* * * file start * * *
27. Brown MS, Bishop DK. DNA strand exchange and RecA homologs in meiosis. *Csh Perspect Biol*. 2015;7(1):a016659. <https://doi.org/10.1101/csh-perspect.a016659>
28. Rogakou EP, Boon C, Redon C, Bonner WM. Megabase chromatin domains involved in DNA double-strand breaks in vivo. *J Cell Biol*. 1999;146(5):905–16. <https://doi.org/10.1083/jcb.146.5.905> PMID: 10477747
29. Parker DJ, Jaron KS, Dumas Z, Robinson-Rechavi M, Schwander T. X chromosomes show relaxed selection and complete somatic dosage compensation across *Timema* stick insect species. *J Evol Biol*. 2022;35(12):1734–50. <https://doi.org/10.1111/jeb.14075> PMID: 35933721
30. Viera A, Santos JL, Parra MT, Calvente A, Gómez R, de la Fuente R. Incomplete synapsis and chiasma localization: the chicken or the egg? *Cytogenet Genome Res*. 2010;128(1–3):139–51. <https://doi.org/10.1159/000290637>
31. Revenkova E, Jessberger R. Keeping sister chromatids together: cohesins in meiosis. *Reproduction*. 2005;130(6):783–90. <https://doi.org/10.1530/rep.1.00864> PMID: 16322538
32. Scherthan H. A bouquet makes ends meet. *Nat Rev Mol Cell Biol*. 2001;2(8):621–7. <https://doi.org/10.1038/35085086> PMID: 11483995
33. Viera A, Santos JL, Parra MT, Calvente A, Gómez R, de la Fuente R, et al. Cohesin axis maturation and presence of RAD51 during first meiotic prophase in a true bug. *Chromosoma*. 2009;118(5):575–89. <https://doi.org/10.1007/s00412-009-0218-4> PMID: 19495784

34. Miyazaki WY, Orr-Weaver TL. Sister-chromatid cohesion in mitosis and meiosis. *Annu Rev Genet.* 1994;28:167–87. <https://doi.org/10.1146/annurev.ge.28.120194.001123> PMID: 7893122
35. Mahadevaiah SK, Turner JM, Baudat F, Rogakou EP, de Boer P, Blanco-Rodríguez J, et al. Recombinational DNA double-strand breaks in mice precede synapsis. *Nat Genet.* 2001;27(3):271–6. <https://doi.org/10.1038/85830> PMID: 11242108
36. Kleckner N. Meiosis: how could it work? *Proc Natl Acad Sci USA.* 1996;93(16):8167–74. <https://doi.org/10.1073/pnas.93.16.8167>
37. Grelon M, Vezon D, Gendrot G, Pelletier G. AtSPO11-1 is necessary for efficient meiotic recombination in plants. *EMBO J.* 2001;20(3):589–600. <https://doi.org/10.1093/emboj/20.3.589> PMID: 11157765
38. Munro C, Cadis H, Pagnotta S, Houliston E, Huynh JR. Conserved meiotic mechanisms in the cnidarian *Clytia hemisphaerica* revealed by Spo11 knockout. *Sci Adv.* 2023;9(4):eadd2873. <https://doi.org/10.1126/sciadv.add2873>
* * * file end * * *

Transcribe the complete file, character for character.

27. Brown MS, Bishop DK. DNA strand exchange and RecA homologs in meiosis. *Csh Perspect Biol*. 2015;7(1):a016659. <https://doi.org/10.1101/csh-perspect.a016659>
28. Rogakou EP, Boon C, Redon C, Bonner WM. Megabase chromatin domains involved in DNA double-strand breaks in vivo. *J Cell Biol*. 1999;146(5):905–16. <https://doi.org/10.1083/jcb.146.5.905> PMID: 10477747
29. Parker DJ, Jaron KS, Dumas Z, Robinson-Rechavi M, Schwander T. X chromosomes show relaxed selection and complete somatic dosage compensation across *Timema* stick insect species. *J Evol Biol*. 2022;35(12):1734–50. <https://doi.org/10.1111/jeb.14075> PMID: 35933721
30. Viera A, Santos JL, Parra MT, Calvente A, Gómez R, de la Fuente R. Incomplete synapsis and chiasma localization: the chicken or the egg? *Cytogenet Genome Res*. 2010;128(1–3):139–51. <https://doi.org/10.1159/000290637>
31. Revenkova E, Jessberger R. Keeping sister chromatids together: cohesins in meiosis. *Reproduction*. 2005;130(6):783–90. <https://doi.org/10.1530/rep.1.00864> PMID: 16322538
32. Scherthan H. A bouquet makes ends meet. *Nat Rev Mol Cell Biol*. 2001;2(8):621–7. <https://doi.org/10.1038/35085086> PMID: 11483995
33. Viera A, Santos JL, Parra MT, Calvente A, Gómez R, de la Fuente R, et al. Cohesin axis maturation and presence of RAD51 during first meiotic prophase in a true bug. *Chromosoma*. 2009;118(5):575–89. <https://doi.org/10.1007/s00412-009-0218-4> PMID: 19495784

34. Miyazaki WY, Orr-Weaver TL. Sister-chromatid cohesion in mitosis and meiosis. *Annu Rev Genet.* 1994;28:167–87. <https://doi.org/10.1146/annurev.ge.28.120194.001123> PMID: 7893122
35. Mahadevaiah SK, Turner JM, Baudat F, Rogakou EP, de Boer P, Blanco-Rodríguez J, et al. Recombinational DNA double-strand breaks in mice precede synapsis. *Nat Genet.* 2001;27(3):271–6. <https://doi.org/10.1038/85830> PMID: 11242108
36. Kleckner N. Meiosis: how could it work? *Proc Natl Acad Sci USA.* 1996;93(16):8167–74. <https://doi.org/10.1073/pnas.93.16.8167>
37. Grelon M, Vezon D, Gendrot G, Pelletier G. AtSPO11-1 is necessary for efficient meiotic recombination in plants. *EMBO J.* 2001;20(3):589–600. <https://doi.org/10.1093/emboj/20.3.589> PMID: 11157765
38. Munro C, Cadis H, Pagnotta S, Houliston E, Huynh JR. Conserved meiotic mechanisms in the cnidarian *Clytia hemisphaerica* revealed by Spo11 knockout. *Sci Adv.* 2023;9(4):eadd2873. <https://doi.org/10.1126/sciadv.add2873>